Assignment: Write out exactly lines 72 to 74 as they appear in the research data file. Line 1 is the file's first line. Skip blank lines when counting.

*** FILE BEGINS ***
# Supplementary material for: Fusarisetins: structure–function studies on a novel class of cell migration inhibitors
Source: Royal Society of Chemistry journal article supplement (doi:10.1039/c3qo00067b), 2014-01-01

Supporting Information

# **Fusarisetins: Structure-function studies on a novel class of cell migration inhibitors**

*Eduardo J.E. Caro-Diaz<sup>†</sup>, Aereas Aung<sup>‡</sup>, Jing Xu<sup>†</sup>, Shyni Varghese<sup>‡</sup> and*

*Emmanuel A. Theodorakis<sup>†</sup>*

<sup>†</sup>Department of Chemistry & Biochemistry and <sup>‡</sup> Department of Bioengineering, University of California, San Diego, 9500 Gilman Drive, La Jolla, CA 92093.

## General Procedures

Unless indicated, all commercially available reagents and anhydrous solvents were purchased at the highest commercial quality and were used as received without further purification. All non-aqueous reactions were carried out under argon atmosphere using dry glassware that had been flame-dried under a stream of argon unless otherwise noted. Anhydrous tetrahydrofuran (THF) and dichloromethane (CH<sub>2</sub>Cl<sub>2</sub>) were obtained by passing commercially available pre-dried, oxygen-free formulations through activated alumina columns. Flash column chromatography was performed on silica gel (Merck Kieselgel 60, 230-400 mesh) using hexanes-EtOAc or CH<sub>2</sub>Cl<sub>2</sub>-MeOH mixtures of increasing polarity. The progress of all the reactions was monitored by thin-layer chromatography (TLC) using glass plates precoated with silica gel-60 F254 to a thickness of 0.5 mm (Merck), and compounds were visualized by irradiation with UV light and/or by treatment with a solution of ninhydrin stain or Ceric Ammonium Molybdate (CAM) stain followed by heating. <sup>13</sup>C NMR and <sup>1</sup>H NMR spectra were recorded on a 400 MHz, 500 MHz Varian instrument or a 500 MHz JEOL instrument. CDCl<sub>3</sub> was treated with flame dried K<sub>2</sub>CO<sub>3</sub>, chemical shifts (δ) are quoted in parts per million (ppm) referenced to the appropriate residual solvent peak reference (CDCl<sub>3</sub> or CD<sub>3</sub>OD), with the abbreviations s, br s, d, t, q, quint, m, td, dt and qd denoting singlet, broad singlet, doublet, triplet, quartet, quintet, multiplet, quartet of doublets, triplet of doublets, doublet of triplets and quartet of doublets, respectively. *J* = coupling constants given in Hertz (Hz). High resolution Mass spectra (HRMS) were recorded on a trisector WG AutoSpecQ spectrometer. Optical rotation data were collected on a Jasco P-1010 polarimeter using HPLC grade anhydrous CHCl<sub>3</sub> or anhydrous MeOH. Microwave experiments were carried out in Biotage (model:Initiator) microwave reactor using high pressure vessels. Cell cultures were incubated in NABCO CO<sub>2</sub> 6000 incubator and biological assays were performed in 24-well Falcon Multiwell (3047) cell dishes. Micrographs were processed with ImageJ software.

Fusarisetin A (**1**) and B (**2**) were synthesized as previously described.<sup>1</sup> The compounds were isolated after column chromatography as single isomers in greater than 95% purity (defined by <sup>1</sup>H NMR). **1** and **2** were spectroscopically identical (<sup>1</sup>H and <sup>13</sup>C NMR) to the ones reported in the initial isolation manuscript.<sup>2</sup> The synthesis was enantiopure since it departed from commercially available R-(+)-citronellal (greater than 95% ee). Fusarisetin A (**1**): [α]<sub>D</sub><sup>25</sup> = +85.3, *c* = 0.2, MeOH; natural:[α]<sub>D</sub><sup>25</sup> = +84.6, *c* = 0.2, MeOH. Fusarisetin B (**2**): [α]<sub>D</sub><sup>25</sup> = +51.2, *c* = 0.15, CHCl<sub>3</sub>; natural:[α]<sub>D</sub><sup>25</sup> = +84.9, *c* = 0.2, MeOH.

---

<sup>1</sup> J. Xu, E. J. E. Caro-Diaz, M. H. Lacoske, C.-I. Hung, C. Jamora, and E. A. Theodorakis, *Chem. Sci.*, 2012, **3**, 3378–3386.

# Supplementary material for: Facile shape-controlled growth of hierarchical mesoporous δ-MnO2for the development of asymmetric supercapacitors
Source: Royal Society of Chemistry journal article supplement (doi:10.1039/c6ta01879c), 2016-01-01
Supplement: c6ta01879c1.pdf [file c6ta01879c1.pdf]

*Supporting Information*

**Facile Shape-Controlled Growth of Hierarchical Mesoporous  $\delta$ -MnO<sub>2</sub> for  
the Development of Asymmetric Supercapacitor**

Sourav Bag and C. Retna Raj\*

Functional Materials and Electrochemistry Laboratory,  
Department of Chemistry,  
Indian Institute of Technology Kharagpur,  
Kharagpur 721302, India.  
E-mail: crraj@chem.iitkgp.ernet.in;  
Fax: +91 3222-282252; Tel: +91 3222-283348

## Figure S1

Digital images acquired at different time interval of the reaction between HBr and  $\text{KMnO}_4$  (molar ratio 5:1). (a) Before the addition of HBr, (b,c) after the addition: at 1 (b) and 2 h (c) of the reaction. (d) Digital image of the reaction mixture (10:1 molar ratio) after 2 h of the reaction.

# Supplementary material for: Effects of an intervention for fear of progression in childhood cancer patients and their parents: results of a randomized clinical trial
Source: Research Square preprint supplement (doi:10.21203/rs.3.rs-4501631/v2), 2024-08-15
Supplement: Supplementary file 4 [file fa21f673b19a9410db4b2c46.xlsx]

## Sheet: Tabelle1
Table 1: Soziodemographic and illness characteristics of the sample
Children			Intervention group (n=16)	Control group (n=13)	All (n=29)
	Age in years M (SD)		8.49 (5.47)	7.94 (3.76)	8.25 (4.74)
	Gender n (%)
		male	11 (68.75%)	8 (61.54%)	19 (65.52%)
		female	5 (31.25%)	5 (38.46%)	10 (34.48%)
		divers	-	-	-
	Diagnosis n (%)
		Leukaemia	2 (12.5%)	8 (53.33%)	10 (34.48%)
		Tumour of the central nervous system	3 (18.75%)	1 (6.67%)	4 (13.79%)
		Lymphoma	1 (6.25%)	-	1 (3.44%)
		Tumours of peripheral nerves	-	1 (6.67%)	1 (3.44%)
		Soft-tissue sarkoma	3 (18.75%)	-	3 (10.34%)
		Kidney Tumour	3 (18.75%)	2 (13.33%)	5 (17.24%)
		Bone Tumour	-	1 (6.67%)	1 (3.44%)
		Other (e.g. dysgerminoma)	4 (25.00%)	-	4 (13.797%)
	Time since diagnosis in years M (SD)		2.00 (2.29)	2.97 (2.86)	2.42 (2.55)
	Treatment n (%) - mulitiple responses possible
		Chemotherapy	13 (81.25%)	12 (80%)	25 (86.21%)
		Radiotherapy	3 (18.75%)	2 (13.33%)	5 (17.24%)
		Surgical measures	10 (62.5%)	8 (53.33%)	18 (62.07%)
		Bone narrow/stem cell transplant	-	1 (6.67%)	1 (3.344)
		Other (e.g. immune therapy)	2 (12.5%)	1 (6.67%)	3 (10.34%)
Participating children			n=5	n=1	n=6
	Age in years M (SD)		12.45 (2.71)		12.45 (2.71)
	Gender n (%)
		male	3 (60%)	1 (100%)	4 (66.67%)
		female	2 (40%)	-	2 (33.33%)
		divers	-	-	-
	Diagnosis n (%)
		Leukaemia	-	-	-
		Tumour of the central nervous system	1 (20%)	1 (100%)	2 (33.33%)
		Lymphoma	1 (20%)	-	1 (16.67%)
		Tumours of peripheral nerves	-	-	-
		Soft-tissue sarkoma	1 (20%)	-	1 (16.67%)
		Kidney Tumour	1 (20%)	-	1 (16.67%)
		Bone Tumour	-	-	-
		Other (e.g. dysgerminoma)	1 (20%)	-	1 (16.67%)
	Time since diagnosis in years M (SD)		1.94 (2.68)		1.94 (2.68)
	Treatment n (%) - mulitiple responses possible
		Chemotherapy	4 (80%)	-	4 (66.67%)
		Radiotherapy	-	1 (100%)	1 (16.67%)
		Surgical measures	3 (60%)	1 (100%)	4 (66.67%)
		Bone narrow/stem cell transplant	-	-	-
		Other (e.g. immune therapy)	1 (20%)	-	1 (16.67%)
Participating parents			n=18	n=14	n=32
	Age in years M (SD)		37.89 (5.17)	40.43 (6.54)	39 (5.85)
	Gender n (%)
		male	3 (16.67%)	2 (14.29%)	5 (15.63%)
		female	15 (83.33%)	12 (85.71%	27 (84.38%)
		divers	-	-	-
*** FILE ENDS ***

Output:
		Chemotherapy	4 (80%)	-	4 (66.67%)
		Radiotherapy	-	1 (100%)	1 (16.67%)
		Surgical measures	3 (60%)	1 (100%)	4 (66.67%)